Described as a cross between a plum and a Sichuan (or Szechuan) pepper, the pepper berry was “the pinnacle of native bushfoods” and prized by the state’s Indigenous custodians as they moved across the state, the duo said.
“These plants go back in time and we can’t replace that with European food,” Ms Ooms said.
“Real food has a story, it comes from a particular place and has been harvested in a particular way. It’s embedded within the landscape,” Mr Chapman said.
Pre-‘invasion’ foods served with a side of culture
Pepper berries are just one of the native ingredients being used to spice up dishes that are served by Tasmania’s first and only Aboriginal food business, palawa kipli, which means Tasmanian Aboriginal food.
Tim Sculthorpe is the proud palawa man behind the operation.
Concerned by an increasingly unsustainable world and eager to get back in touch with his Aboriginal heritage, Mr Sculthorpe began the business two years ago in an effort to bridge the cultural divide and encourage sustainable food practices.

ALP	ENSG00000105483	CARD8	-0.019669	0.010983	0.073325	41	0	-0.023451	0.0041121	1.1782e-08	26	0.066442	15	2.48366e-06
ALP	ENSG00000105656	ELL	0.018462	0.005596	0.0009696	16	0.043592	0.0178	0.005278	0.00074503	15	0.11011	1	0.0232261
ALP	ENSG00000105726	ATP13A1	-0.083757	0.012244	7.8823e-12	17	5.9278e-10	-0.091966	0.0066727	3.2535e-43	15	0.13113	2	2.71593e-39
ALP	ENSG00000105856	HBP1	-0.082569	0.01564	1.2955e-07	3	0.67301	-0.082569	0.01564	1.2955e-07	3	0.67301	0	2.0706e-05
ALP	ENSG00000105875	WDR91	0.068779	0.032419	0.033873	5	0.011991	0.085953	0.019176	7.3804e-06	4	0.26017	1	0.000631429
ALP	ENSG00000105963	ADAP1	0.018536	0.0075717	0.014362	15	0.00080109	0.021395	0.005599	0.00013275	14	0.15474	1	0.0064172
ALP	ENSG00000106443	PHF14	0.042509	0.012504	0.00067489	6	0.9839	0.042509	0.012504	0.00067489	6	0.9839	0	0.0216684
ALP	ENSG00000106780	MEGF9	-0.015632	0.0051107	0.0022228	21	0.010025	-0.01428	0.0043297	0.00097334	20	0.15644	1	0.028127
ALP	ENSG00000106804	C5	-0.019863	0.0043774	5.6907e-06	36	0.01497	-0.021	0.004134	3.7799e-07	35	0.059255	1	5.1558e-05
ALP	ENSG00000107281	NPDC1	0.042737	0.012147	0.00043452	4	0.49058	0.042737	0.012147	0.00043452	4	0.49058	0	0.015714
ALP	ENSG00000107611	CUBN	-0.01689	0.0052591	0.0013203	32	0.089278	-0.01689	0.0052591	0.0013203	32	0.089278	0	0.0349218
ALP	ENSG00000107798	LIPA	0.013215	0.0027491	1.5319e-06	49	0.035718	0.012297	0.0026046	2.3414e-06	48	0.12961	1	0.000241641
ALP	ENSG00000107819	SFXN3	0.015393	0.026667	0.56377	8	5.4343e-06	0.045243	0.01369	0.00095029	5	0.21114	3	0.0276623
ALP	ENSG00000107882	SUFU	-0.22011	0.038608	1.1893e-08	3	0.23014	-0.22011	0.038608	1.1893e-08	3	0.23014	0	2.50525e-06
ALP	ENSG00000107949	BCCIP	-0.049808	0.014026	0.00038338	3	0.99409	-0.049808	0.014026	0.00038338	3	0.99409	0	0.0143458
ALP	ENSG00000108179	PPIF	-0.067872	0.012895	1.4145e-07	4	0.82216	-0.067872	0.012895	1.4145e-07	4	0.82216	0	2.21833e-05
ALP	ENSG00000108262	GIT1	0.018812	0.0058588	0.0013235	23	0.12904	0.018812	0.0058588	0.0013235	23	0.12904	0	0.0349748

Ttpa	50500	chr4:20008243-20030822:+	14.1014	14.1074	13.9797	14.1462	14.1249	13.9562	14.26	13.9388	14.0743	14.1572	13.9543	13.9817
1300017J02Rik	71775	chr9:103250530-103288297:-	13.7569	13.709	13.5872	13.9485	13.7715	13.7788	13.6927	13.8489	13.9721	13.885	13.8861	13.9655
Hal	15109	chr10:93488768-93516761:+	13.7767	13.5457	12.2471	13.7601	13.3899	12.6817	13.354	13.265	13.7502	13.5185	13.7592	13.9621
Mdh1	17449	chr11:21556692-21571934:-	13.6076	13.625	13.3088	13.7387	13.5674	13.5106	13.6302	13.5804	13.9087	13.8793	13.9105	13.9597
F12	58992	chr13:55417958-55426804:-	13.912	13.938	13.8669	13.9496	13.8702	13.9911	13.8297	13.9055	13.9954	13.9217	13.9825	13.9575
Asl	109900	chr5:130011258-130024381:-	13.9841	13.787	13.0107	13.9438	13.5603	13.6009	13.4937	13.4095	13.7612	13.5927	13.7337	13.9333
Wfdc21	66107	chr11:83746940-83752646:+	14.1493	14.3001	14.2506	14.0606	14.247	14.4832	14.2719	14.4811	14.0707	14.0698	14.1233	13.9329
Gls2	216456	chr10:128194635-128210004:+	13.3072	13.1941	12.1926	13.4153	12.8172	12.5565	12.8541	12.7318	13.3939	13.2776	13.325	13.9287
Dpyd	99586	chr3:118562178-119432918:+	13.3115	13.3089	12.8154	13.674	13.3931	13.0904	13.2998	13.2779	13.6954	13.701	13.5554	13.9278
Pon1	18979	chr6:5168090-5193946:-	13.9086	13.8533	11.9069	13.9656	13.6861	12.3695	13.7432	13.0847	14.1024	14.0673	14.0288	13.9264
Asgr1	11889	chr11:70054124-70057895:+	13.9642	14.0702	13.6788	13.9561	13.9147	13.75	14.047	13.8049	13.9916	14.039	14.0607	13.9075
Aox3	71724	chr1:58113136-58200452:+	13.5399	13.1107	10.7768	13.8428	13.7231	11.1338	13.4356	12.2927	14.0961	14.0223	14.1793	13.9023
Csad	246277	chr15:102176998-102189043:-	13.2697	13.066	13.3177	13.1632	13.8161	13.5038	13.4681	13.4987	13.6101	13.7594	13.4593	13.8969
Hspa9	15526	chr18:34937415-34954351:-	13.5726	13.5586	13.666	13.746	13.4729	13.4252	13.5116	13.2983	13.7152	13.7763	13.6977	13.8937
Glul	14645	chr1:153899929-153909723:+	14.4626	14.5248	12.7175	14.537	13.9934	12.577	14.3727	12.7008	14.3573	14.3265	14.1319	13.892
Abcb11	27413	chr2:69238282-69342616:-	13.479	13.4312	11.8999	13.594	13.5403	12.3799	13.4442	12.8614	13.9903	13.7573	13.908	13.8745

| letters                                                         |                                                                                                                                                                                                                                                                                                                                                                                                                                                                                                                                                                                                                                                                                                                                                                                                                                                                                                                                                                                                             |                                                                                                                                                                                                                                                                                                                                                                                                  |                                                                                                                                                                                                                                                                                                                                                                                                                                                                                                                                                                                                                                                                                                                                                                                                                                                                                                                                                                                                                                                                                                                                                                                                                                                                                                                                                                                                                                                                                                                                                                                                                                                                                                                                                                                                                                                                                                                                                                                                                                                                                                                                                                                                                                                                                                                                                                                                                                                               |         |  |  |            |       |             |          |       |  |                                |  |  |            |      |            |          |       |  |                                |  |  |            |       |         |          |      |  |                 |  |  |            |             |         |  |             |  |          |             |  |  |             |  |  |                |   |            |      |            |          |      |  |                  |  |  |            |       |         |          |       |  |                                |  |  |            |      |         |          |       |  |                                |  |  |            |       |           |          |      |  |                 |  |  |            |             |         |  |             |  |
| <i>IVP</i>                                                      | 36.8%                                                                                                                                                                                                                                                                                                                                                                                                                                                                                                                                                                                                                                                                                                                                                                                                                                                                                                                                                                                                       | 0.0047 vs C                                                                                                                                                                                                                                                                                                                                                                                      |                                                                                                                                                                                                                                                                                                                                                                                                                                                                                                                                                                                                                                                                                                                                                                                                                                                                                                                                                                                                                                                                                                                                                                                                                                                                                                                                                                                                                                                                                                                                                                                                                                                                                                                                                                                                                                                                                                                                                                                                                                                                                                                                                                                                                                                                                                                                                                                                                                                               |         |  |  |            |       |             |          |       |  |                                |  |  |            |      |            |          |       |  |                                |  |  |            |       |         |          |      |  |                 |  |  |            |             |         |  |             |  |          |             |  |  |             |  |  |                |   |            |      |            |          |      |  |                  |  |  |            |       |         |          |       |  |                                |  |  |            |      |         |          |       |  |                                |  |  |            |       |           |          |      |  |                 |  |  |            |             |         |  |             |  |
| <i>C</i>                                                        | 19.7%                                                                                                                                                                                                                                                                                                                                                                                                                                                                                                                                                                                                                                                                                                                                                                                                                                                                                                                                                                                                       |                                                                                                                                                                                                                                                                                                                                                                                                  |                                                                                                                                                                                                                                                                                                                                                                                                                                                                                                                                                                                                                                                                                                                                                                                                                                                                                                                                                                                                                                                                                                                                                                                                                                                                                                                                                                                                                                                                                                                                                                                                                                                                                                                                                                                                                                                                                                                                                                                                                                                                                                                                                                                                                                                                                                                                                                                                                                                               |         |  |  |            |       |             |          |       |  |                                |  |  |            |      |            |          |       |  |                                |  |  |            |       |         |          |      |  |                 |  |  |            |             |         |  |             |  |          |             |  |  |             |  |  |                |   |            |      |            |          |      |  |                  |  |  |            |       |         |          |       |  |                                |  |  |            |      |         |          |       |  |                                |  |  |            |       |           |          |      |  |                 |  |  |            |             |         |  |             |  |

“The fact there are no Tasmanian Aboriginal food businesses in the world and no-one knows anything about palawa people, I wondered how I can educate people,” he said.
“Everyone is so busy in today’s world, no-one sits down to talk about anything, so I thought ‘alright, let’s sit down and start a conversation about Aboriginal culture’
“Travelling the world, I kept being asked what Australian food is and I would always say it’s vegemite or meat pies, but then I realised, that is invaders’ foods.”
“I want all of Australia to own the fact that Aboriginal food is Australian food — and that’s something we should all be proud of.”